Learn how to communicate feedback that gets results in this course adapted from the podcast How to Be Awesome at Your Job.
- This is an audio course. No need to watch. Just listen. Welcome to the latest edition to LinkedIn Learning - podcasts. We've curated some of the best business podcasts and made them even easier to listen to. Each episode is split into sections. Use the links in the contents area to skip to whichever section you like. We're always looking for new ways to help you learn, and we'd appreciate your feedback. Thanks for listening. - When it comes to communication effectiveness, I wanted to chat with you in some real depth about feedback. And so, I would like to talk about feedback in particular for this chat, and maybe just start us off with, in what ways does feedback often, sort of, just not work in teams and organizations? Sort of what's the problem that you bump into most often? - Yeah, so, well, let's start by thinking about, for anyone who's married or in a serious relationship, when you try to give feedback to your partner or spouse, how does it go? Usually not well, right? Why? Like, why does feedback not generally go well? One is because we've got a lot of pent-up emotion, typically. We sometimes have more power than the other person; not always. We are often missing context about why they did what they did when they did it. There are so many possible ways that things could go wrong. We have our own bias, we have our own judgments, we have a lot of our own projection and how we feel about ourselves, so it's a mess. So when we enter into a thing called a feedback conversation, the likelihood of success is very low, given all of those factors. And so we have to start thinking beyond feedback, because that set up, whether it's in the workplace or in our families, it doesn't work. We know that it doesn't work. People get defensive, it's awkward, we feel uncomfortable, we talk past one another. So we need another way to think about solving the problem of, what is the problem that feedback is intending to solve. There's a real problem there that we're sort of taking this tool called feedback and saying, oh, that's going to solve it. And at Refound, our position is like, hmm, not so much. It's not going to work for that for a lot of different reasons. There's another way. - I suppose most often, the problem I'm trying to solve with feedback is, you know, I would like for you to do this thing differently and better, as I perceive better. And so if feedback is not the mechanism, what is? - So for us, the everyday conversations take a different tone. So exactly as you said, right? What is the purpose of feedback? Well, I want someone to behave differently. But if we think about approaching that conversation, not by making a statement about something, but by asking a question, or making an observation, but doing it from a place of acknowledging our subjectivity and saying, hey, I noticed this. Or, it seemed to me that X, or when I was sitting in the meeting, one of the things that struck me was blank. But we're approaching those conversations with a spirit of curiosity, with a spirit of dialogue. Like I don't have all the information. I don't know everything about why you did what you did when you did it. I just noticed something. And I'm going to bring it up, because as your colleague or as your manager, or as your subordinate, whatever the case may be, I see that as part of my role, to, when I see things that are either problematic or potentially problematic, part of my role as a leader in this organization and in standing for our own values is to say something. But the way we go about it changes the whole game. If we approach it from a place of assumption and conclusion and prescriptive, like this is what happened, and this is what you need to do differently. Well, now we're doing feedback and we'll get the result that you would imagine. But if we approach it from a place of, hey, I have a question about this. I wasn't sure what to make of it. It seemed like this, but I could be. And so it's having that open hand relative to those everyday conversations. So, in one way you could say, oh, well, that's another way to do feedback and that's fine. You could call it that. But for us, it's really different. When we train and teach these tools, people feel like, oh, so I don't really have to give feedback in the way that I understood it. All I have to do is talk with people. All have to do is show up as a human being, find a way to surface what I'm feeling, thinking, sensing, and then we can have a conversation, and that's right.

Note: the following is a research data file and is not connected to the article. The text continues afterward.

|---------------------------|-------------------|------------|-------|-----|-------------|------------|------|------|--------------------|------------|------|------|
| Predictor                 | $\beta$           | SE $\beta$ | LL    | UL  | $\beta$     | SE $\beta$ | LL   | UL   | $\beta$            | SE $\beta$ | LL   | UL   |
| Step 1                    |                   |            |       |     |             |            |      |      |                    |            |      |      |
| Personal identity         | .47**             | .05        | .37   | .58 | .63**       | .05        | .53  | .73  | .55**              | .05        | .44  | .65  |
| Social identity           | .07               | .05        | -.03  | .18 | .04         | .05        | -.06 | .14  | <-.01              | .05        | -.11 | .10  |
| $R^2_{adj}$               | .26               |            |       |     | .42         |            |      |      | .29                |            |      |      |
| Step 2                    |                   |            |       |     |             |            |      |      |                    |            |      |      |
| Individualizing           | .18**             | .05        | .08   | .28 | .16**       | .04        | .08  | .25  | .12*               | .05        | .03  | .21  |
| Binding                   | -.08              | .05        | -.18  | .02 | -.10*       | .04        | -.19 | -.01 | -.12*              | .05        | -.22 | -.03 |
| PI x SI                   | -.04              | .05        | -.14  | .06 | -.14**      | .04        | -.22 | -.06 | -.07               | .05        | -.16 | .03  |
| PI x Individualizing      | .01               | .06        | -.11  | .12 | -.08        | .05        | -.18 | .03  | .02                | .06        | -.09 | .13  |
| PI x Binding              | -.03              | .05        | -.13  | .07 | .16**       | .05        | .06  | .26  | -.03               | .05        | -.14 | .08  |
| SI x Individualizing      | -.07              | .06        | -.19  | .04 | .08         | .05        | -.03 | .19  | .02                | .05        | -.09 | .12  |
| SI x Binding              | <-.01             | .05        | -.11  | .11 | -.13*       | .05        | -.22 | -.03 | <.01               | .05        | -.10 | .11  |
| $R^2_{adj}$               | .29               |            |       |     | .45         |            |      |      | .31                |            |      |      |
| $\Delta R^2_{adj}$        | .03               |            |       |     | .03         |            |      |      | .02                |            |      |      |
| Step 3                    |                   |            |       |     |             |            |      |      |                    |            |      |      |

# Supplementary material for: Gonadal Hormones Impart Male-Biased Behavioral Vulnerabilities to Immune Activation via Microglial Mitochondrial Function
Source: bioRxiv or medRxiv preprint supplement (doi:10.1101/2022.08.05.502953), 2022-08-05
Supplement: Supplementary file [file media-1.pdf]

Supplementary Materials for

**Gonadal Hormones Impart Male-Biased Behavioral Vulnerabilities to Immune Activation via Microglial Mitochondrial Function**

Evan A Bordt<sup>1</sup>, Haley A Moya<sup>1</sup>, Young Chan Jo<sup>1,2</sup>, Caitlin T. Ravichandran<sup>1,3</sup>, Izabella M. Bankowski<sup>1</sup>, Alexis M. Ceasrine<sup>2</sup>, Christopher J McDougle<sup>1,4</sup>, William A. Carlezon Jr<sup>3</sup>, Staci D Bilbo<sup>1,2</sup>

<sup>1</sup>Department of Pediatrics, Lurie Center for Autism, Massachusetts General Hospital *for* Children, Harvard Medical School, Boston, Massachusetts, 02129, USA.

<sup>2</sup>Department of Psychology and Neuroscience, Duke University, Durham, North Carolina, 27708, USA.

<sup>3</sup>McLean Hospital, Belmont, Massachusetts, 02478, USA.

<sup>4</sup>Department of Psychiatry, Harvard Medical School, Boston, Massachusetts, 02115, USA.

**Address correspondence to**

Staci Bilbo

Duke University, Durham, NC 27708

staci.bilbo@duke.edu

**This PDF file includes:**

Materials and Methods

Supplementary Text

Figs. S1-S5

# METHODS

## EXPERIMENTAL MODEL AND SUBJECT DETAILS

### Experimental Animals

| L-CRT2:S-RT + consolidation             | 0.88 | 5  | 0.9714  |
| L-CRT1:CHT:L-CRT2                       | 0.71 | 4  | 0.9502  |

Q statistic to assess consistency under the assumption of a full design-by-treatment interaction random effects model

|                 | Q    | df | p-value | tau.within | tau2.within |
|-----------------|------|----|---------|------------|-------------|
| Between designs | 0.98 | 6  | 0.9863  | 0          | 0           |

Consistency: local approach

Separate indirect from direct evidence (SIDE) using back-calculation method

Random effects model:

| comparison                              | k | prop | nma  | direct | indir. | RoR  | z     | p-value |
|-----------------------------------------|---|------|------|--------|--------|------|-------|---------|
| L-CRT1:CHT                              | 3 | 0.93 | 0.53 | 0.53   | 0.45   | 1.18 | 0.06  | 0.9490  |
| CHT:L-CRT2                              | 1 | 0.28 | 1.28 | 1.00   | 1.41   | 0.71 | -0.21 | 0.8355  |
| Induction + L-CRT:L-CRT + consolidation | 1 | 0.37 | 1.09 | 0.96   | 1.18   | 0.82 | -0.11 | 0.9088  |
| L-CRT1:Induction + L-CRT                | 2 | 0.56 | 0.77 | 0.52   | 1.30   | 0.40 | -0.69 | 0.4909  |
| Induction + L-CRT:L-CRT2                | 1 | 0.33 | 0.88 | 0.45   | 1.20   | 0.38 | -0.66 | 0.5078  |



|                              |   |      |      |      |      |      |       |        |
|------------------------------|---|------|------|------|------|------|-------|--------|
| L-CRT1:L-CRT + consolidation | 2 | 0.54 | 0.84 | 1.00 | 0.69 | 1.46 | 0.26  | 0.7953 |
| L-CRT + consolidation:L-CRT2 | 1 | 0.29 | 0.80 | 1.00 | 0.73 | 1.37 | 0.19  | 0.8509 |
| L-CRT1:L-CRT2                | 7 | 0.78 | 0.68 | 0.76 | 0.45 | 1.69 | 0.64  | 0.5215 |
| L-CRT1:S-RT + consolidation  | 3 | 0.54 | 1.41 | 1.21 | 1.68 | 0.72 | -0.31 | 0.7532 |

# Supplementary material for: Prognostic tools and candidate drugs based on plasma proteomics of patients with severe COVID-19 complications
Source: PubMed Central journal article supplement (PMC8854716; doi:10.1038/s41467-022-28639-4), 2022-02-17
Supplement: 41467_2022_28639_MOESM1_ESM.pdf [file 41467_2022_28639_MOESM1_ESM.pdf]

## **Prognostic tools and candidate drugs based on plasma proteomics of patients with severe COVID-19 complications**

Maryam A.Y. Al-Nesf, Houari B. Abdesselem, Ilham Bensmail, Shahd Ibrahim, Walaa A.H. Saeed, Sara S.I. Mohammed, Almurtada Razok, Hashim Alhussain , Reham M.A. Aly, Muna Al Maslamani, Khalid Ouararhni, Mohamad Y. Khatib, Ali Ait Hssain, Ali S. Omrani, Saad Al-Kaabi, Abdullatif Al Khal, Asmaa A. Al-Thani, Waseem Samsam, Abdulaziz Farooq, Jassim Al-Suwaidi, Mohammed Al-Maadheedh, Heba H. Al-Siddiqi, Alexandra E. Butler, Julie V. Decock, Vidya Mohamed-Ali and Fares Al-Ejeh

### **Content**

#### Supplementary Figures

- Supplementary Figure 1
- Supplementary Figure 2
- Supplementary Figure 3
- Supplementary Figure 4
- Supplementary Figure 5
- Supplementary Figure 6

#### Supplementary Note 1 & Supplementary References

This course was created by Pete Mockaitis of How to Be Awesome at Your Job. We are pleased to offer this training in our library.